A quiet breakthrough in geothermal power tech
Not a lot of startups tackle the field of geothermal power, which entails tapping into hot rocks deep in the Earth to produce energy and electricity. That’s because it can be an expensive proposition, and can require extensive permits and environmental reports. But a rare startup called AltaRock Energy has recently delivered a promising breakthrough that it says can lead to the commercialization of its next-generation geothermal technology.
AltaRock Energy — which has backing from venture capitalists, as well as Google and Microsoft co-founder Paul Allen’s investment firm — has been working on enhanced (sometimes called engineered) geothermal tech. This technology drills wells deep into the ground, injects them with cold water to fracture the hot rocks, and creates a geothermal source of power where none was naturally occurring. Traditional geothermal systems, in contrast, tap into naturally occurring geothermal reservoirs (you know, the kind you see on the side of the road in Yellowstone National Park).

A quiet breakthrough in geothermal power tech

Not a lot of startups tackle the field of geothermal power, which entails tapping into hot rocks deep in the Earth to produce energy and electricity. That’s because it can be an expensive proposition, and can require extensive permits and environmental reports. But a rare startup called AltaRock Energy has recently delivered a promising breakthrough that it says can lead to the commercialization of its next-generation geothermal technology.

AltaRock Energy — which has backing from venture capitalists, as well as Google and Microsoft co-founder Paul Allen’s investment firm — has been working on enhanced (sometimes called engineered) geothermal tech. This technology drills wells deep into the ground, injects them with cold water to fracture the hot rocks, and creates a geothermal source of power where none was naturally occurring. Traditional geothermal systems, in contrast, tap into naturally occurring geothermal reservoirs (you know, the kind you see on the side of the road in Yellowstone National Park).

A visual representation of renewable energy growth in the U.S. | Grist

…here’s a U.S. map of non-hydro renewable energy installations built or planned today:
So: lots more, lots bigger, and lots more variety. I’m sure most Grist readers knew this was happening on some level, but it’s nice to have a visual representation.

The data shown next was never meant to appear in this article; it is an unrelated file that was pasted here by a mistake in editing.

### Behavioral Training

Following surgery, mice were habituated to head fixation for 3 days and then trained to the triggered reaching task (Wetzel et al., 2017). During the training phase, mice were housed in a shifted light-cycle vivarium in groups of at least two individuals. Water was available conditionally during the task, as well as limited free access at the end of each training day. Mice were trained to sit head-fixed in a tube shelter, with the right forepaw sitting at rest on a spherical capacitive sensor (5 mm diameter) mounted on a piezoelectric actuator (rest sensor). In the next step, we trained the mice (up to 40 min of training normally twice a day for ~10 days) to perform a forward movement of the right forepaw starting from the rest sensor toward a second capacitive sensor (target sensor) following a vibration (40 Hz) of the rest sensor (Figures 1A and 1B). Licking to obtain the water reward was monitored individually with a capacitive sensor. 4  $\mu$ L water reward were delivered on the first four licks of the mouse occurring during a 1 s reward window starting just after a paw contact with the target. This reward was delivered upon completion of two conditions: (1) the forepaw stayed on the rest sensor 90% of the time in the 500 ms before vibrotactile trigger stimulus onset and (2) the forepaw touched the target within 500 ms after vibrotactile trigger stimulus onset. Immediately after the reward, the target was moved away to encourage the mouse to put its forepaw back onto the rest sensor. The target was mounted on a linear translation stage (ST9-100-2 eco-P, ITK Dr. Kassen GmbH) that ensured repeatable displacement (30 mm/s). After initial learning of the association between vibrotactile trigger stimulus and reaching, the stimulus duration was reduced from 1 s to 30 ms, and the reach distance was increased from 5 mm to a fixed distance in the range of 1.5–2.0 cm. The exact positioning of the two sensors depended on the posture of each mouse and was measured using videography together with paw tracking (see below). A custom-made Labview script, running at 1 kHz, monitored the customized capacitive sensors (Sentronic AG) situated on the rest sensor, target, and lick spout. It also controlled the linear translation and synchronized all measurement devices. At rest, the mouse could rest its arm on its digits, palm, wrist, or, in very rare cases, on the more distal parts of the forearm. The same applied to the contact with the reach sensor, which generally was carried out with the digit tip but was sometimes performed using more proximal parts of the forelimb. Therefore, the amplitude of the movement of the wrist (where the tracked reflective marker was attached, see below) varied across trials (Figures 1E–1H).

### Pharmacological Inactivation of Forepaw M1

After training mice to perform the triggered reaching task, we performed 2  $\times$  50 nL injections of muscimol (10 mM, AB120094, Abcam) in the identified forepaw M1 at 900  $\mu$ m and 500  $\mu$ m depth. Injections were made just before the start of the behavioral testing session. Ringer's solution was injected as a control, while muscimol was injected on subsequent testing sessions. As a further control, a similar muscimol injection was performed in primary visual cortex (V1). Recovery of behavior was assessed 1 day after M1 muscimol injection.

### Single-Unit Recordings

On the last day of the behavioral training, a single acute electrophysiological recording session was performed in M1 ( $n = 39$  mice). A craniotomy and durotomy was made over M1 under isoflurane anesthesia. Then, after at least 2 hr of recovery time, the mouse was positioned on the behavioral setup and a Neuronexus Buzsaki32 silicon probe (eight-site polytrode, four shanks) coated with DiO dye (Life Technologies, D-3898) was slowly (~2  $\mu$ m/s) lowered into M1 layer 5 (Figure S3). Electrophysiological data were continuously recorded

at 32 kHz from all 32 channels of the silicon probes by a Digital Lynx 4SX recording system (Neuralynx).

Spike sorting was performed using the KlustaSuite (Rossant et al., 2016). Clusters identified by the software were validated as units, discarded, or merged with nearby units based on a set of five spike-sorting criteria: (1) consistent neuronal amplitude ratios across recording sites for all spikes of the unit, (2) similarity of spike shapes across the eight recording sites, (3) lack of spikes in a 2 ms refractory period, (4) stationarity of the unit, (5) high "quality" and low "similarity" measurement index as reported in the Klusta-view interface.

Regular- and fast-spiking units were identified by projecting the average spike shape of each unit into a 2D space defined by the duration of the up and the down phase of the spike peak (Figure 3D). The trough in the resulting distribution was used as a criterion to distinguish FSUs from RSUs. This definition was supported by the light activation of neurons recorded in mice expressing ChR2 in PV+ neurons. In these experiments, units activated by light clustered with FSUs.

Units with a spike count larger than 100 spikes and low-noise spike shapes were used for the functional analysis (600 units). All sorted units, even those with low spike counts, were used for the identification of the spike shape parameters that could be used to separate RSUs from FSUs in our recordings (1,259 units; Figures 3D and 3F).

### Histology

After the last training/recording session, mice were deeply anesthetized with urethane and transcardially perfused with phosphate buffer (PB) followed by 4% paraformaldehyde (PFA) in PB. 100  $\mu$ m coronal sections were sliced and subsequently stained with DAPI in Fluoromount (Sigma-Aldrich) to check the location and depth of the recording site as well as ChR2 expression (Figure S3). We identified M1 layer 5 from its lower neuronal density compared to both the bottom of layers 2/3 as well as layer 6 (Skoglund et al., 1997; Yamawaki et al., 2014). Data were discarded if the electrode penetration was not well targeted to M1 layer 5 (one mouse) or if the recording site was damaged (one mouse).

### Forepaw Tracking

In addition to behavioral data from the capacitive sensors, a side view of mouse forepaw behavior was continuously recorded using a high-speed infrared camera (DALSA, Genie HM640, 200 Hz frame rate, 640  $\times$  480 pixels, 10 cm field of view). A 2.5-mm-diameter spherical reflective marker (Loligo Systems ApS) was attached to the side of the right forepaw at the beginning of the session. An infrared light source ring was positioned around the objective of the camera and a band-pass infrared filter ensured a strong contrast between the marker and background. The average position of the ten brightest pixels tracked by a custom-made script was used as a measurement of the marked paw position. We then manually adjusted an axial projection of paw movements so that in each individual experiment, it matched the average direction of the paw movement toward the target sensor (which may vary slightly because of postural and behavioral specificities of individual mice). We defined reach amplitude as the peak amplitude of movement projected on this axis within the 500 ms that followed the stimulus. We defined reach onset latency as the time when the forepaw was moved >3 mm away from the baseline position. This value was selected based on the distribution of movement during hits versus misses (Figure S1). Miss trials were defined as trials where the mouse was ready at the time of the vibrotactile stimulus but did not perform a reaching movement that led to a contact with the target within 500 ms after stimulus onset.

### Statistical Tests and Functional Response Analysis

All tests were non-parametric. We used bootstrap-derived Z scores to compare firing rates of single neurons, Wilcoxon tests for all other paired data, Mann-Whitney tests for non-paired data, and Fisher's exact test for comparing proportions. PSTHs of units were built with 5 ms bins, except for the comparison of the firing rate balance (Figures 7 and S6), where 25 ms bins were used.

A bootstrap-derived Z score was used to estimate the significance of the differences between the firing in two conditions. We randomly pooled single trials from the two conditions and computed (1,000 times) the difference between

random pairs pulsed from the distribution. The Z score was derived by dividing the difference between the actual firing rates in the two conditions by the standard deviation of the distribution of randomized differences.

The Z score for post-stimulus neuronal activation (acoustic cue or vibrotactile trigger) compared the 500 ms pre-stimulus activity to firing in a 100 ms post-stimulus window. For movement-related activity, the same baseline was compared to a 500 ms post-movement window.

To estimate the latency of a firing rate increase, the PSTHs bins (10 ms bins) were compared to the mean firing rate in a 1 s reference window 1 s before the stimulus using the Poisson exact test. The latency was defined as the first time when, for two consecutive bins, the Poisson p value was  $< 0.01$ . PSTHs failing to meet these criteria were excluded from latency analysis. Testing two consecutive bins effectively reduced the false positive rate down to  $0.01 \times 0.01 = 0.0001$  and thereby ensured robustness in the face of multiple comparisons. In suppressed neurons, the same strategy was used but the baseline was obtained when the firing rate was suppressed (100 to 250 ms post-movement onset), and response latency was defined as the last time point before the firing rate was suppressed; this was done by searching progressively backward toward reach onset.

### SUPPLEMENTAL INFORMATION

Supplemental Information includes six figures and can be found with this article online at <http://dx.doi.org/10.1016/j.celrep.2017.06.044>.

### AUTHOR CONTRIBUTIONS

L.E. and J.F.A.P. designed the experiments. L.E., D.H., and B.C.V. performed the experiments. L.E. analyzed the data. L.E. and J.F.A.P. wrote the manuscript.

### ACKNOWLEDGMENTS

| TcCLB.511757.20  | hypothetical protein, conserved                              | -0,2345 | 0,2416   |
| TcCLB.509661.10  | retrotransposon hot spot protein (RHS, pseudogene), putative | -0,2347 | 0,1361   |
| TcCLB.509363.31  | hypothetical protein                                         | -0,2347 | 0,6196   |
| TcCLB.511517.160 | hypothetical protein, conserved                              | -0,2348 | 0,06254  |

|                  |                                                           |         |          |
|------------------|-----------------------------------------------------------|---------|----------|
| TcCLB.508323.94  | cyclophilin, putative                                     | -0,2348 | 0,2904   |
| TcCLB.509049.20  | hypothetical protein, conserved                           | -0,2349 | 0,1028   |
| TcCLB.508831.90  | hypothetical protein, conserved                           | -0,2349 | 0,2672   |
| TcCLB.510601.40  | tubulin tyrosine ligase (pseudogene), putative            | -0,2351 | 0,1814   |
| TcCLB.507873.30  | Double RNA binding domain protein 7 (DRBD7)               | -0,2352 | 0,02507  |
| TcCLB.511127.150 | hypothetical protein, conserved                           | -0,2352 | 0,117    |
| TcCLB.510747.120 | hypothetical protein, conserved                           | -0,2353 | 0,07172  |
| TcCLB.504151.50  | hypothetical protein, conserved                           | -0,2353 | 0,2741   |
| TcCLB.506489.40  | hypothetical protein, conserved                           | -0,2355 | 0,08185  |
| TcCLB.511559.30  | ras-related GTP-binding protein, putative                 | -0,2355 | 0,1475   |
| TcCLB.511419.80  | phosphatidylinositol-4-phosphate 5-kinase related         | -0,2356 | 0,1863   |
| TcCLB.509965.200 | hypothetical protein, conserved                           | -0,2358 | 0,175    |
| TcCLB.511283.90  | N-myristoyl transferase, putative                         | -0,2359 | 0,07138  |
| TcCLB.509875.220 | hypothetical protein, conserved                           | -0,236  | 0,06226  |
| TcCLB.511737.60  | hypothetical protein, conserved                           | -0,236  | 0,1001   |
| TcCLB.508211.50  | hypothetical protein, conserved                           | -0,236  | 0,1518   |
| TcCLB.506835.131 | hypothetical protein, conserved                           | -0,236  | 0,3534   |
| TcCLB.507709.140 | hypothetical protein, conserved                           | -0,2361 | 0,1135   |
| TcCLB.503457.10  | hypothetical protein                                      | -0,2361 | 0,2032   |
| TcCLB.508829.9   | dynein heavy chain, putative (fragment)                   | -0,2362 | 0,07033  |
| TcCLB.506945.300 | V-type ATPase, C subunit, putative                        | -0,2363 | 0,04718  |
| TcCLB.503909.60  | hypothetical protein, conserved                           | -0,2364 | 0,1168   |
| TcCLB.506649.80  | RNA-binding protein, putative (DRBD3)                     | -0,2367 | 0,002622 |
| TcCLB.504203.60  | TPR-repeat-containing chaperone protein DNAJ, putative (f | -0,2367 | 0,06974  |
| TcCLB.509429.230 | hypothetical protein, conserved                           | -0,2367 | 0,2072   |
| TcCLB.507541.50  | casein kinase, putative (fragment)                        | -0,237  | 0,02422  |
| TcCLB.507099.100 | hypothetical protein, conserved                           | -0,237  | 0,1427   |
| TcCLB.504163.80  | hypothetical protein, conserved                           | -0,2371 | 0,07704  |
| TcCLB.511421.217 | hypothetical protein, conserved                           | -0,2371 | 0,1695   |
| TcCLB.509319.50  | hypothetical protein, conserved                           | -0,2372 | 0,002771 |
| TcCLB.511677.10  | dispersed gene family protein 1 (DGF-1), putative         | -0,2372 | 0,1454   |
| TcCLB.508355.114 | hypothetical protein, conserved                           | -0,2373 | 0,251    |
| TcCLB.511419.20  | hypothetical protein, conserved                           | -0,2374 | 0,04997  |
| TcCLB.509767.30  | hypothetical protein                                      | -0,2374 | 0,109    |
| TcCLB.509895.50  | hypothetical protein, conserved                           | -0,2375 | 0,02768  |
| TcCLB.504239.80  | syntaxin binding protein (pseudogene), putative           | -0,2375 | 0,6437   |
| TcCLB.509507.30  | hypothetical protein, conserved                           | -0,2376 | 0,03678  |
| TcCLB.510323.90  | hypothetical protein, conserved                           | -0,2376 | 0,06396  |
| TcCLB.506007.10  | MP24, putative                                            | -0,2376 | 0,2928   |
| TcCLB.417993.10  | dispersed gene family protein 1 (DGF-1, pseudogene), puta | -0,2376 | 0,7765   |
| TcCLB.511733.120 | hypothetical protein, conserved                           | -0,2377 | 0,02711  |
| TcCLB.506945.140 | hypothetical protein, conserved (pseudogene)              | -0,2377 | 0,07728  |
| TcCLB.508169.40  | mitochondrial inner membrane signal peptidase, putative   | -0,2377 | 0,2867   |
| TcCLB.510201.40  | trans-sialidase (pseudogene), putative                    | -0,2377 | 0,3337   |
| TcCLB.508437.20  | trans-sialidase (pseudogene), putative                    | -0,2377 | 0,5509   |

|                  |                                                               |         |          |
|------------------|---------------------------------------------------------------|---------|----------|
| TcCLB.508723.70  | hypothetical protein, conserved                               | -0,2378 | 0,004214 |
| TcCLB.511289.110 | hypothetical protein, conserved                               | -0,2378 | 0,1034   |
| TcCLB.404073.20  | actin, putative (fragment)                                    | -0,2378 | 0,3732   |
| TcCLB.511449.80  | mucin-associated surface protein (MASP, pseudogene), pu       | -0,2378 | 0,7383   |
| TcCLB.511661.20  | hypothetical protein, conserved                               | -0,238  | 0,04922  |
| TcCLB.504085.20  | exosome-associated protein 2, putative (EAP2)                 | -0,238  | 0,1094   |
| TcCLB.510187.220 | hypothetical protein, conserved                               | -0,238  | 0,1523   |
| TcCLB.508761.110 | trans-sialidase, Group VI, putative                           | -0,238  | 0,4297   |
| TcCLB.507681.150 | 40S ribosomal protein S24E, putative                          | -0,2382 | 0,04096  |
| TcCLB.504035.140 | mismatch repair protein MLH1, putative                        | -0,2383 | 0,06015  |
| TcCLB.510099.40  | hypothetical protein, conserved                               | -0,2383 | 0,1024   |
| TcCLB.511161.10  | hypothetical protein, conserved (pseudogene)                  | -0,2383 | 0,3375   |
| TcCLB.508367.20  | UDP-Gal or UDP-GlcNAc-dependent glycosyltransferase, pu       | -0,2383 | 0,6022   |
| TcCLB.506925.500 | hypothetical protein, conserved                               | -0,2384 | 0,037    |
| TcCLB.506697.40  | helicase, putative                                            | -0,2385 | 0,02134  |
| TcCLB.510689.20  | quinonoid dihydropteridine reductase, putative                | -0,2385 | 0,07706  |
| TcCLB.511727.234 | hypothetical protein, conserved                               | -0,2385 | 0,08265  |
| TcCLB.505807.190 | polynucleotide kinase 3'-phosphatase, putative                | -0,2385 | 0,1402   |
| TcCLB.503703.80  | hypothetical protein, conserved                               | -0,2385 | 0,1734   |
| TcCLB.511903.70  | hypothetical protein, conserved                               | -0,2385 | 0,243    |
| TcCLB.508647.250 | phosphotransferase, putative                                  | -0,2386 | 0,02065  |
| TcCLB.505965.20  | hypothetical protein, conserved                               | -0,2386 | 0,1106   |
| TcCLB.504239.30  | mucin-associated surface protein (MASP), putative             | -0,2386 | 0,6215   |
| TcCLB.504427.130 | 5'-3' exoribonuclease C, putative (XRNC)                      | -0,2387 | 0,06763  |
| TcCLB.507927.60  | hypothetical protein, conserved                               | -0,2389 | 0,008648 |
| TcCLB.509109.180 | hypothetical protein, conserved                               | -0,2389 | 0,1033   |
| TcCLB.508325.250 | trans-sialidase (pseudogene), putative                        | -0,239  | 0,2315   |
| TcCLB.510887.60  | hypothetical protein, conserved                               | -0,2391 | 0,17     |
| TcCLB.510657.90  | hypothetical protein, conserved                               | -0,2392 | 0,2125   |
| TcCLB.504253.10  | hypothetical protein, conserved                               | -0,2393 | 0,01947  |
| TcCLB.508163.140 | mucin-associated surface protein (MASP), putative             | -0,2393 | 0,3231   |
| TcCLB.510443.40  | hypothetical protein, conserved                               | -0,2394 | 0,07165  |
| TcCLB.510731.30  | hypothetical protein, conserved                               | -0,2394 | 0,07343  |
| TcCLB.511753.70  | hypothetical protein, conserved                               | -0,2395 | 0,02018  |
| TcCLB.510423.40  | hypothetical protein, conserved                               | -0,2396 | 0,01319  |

The point the B&V analyst takes from that is that Solyndra is a sideshow. It’s not going to stop the march of renewables in the U.S. And that’s undoubtedly true. The point I take, of course, is that this growth is impressive but not nearly fast enough. In 10 years, I want the gray U.S. map to be invisible beneath a blanket of multi-colored dots. Get on it, people!

A visual representation of renewable energy growth in the U.S. | Grist

here’s a U.S. map of non-hydro renewable energy installations built or planned today:

So: lots more, lots bigger, and lots more variety. I’m sure most Grist readers knew this was happening on some level, but it’s nice to have a visual representation.

The point the B&V analyst takes from that is that Solyndra is a sideshow. It’s not going to stop the march of renewables in the U.S. And that’s undoubtedly true. The point I take, of course, is that this growth is impressive but not nearly fast enough. In 10 years, I want the gray U.S. map to be invisible beneath a blanket of multi-colored dots. Get on it, people!

Iceland’s Clean Energy Is a Hot Commodity for Europe
Source: Fast Company
Currently Iceland produces 81% of its energy from renewable energy, primarily from geothermal methods. Landsvirkjun, an Icelandic energy company, is proposing a cable that would connect to Europe and transfer some of that geothermal power. The hope is that approximately 1.25 million European homes would receive electricity from Icelandic geothermal energy.

Iceland’s Clean Energy Is a Hot Commodity for Europe

Source: Fast Company